D.J. Dozier, Penn State, running back (1983-86) -- Named 1986 consensus first team All-America and led Penn State to perfect 12-0 season and national championship (1986). Finished eighth in 1986 Heisman voting. First Penn State running back to lead the team in rushing for four consecutive seasons.
Dave Foley, Ohio State, offensive tackle (1966-68) -- Named consensus first team All-America in 1968. Led Buckeyes to the 1968 national championship and an undefeated season. National Football Foundation National Scholar-Athlete in 1968.
Kirk Gibson, Michigan State, wide receiver (1975-78) -- Named first team All-America, led Big Ten in receiving in league play and helped the Spartans to a Big Ten co-championship and a No. 12 national ranking in 1978. Played Major League Baseball for 17 seasons and won National League MVP honors in 1988.
Curtis Greer, Michigan, defensive tackle (1976-79) -- First team All-America selection. Set school record for tackles for loss in a season (23) and career (48). Two-time first team All-Big Ten selection (1978-79). Led Wolverines to three conference championships and four bowls.
Mark Herrman, Purdue, quarterback (1977-80) -- Named unanimous first team All-America, Big Ten MVP and finished fourth in the Heisman Trophy voting in 1980. A first team All-Conference selection, he broke NCAA career records for passing yards (9,188) and completions (707).
Desmond Howard, Michigan, wide receiver (1989-91) -- Consensus first team All-America and Heisman Trophy winner in 1991. Led Wolverines to three Big Ten titles and two Rose Bowls. Led the nation in scoring (11.5 points per game) and kickoff returns (27.5 avg.) in 1991.
Tim Krumrie, Wisconsin, defensive line (1979-83) -- Named a consensus first team All-America in 1981. Led Badgers to 1981 Garden State Bowl and earned Defensive MVP honors in 1982 Independence Bowl. Three-time first team All-Conference selection, recording 444 career tackles.
Robert Lytle, Michigan, running back (1974-76) -- Named consensus first team All-America in 1976. Finished third in the 1976 Heisman Trophy voting. Named Big Ten MVP in 1976 and led Michigan to two conference championships.
Tom Nowatzke, Indiana, fullback (1961-64) -- Named first team All-America in 1964. A two-time All-Conference selection (1963-64), he led the Big Ten in rushing in 1963. Played in the East/West Shrine Game, Senior Bowl and Coaches All-American Game.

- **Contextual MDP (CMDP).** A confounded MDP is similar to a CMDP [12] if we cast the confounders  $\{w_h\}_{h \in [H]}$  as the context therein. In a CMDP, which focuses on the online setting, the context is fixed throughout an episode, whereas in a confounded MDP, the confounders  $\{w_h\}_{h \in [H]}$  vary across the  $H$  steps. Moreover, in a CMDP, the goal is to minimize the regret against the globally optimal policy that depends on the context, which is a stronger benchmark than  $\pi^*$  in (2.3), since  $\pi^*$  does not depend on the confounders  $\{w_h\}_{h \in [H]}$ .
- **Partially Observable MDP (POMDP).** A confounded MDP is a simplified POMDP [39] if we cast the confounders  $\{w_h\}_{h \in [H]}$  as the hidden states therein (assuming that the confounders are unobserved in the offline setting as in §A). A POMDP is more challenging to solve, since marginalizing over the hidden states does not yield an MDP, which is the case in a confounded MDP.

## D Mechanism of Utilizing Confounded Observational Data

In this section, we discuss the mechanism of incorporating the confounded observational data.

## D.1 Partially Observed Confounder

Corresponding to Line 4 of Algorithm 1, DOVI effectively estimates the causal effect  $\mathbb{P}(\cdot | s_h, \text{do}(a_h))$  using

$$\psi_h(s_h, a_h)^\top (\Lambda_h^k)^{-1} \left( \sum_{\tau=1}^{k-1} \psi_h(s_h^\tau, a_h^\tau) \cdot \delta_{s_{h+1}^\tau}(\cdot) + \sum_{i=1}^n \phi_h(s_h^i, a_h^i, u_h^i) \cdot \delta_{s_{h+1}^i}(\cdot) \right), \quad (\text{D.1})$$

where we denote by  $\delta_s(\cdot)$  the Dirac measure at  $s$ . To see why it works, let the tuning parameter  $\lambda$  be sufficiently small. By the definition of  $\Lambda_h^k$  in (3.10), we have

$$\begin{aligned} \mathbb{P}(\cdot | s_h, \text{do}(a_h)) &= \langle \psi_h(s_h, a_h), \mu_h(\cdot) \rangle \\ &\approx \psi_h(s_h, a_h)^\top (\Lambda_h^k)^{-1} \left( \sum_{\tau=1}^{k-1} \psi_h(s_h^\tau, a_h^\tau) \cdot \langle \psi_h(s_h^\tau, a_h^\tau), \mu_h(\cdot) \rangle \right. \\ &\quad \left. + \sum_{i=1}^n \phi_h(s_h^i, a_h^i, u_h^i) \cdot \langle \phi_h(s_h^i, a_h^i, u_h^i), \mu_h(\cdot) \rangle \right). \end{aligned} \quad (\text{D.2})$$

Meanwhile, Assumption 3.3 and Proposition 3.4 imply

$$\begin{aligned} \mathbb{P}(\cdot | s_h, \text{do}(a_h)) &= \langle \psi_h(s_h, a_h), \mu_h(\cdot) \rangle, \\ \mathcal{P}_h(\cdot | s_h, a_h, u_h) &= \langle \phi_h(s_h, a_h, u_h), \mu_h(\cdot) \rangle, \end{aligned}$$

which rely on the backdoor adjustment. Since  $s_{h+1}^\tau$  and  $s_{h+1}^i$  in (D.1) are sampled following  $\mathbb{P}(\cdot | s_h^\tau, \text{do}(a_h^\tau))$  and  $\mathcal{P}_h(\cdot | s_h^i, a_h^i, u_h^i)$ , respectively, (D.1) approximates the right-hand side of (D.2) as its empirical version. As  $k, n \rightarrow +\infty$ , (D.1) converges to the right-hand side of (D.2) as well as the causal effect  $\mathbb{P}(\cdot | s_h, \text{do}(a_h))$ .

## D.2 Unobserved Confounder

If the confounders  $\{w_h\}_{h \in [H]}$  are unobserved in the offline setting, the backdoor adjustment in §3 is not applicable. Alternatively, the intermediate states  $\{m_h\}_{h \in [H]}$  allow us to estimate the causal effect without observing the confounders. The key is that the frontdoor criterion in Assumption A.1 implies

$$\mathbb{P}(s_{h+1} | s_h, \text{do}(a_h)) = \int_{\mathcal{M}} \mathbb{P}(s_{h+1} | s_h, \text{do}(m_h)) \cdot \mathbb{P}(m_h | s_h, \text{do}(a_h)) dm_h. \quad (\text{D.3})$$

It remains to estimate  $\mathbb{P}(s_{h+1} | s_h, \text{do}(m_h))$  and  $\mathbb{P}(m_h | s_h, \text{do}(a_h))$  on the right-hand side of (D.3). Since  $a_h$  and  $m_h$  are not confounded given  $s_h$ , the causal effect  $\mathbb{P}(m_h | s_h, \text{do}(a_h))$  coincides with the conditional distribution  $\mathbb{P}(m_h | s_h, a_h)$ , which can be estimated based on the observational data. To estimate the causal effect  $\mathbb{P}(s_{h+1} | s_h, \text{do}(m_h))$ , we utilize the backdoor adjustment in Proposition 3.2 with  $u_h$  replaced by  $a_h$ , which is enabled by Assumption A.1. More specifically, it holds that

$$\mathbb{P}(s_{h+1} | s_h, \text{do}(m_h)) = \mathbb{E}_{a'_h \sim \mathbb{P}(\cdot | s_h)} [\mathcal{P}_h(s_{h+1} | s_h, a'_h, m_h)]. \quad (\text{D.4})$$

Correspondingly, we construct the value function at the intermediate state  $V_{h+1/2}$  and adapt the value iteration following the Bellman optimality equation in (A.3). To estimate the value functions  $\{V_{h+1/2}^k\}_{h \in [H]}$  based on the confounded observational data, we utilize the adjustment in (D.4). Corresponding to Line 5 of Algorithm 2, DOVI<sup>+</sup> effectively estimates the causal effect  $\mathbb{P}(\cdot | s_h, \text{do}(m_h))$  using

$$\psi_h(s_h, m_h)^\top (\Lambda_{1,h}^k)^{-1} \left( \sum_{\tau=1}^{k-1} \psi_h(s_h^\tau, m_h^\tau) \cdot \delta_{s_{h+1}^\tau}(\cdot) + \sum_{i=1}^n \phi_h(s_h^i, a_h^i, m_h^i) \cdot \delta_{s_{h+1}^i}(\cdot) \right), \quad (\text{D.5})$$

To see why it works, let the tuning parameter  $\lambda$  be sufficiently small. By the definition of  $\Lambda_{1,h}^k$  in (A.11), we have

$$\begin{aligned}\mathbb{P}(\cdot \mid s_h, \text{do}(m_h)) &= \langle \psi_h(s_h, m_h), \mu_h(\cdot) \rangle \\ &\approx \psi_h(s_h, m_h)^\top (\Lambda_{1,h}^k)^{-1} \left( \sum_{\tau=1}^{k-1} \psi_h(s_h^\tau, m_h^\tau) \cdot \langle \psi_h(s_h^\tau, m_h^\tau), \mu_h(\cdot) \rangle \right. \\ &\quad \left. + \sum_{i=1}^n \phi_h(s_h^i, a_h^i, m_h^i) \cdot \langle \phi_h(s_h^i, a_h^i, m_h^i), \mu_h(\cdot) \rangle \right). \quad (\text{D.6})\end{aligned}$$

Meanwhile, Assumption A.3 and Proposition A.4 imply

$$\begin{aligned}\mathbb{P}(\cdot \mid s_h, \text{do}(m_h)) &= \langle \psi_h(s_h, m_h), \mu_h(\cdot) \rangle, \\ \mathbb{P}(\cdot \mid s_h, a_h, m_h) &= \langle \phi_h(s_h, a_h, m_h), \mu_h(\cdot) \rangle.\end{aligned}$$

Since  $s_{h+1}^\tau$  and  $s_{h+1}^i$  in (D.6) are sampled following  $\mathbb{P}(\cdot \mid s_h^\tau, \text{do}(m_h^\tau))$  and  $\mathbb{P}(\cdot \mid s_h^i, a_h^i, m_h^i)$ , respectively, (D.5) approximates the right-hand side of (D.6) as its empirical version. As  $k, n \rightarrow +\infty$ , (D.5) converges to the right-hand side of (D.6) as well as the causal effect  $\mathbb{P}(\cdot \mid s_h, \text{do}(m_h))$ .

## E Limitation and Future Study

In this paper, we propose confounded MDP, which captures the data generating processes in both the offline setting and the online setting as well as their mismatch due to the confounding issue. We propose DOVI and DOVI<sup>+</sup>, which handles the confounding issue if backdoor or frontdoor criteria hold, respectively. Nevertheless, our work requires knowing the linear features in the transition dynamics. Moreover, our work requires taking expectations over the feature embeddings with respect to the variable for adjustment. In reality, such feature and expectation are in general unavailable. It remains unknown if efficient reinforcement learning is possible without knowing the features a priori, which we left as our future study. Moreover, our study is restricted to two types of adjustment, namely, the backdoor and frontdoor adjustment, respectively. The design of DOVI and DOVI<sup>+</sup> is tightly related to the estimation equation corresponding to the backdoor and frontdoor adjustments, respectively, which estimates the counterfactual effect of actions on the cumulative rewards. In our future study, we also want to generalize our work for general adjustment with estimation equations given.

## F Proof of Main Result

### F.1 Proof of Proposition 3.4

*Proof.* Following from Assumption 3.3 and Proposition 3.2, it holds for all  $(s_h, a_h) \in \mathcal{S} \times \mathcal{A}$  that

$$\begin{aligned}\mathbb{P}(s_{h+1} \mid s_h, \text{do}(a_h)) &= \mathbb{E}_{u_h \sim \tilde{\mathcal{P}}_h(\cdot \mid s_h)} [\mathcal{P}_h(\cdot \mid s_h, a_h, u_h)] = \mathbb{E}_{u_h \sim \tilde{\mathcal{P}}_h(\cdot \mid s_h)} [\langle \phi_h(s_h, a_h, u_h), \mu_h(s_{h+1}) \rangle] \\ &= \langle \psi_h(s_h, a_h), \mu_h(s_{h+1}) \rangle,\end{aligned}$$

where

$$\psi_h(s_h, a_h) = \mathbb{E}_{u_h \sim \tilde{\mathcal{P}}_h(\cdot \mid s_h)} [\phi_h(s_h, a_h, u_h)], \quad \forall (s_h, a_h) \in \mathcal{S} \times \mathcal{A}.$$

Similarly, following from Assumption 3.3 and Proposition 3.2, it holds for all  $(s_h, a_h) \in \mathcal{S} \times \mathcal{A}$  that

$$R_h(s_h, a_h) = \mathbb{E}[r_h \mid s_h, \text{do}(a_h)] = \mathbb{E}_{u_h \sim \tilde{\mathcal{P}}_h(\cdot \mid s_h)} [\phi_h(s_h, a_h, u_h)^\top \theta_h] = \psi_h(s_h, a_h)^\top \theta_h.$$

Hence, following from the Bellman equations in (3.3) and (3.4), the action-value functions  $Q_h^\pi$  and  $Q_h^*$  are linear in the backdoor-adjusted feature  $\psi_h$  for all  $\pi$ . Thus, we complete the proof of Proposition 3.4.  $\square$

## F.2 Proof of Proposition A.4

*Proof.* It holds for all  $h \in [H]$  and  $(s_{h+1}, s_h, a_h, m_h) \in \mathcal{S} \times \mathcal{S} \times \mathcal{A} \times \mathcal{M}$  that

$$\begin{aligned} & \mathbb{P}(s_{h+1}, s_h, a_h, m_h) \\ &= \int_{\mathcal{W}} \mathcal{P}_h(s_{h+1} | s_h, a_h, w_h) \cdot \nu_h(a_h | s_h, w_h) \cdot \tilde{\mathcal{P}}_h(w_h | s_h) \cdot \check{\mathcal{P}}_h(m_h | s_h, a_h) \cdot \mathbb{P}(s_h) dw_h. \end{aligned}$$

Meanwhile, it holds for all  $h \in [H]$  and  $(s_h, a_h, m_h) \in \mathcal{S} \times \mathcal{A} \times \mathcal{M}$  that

Jim Otis, Ohio State, fullback (1967-69) -- Named consensus first team All-America in 1969. Member of the 1968 national championship team. Named First Team All-Big Ten in 1969 and led the Buckeyes to two conference titles. Led the team in rushing three times.
Percy Snow, Michigan State, linebacker (1986-89) -- Unanimous First Team All-America in 1989 and Butkus Award winner. Led MSU to 1987 Big Ten title and Rose Bowl win. Ranks second all-time in career tackles (473).
Chris Spielman, Ohio State, linebacker (1984-87) -- Two-time first team All-America selection (1986-87) -- unanimous in 1987, consensus in 1986. The recipient of the 1987 Lombardi Award, he is a three-time first team all-conference selection and a member of two Big Ten title teams.
Larry Station, Iowa, linebacker (1982-85) -- Two-time first team All-America selection (1984-85) -- unanimous in 1985, consensus in 1984. A three-time first team all-conference selection, he was named team captain and MVP in 1985. Iowa's all-time leader in tackles with 492.
Curt Warner, Penn State, running back (1979-82) -- Named first team All-America in 1981 and led Penn State to 1982 national championship. Most outstanding offensive player in 1980 and 1982 Fiesta Bowls. Finished career with 11 season, 10 career, 14 bowl and 42 school records.
Howard and Dave Foley are on the ballot for the first time.
Two coaches with Big Ten ties also are on the ballot. Darryl Rogers coached Michigan State from 1976-79, going 24-18. William "Lone Star" Dietz coached Purdue in 1921, going 1-6.
The 2009 class will be announced on April 30 and inducted at the National Football Foundation's annual awards dinner on Dec. 8 in New York.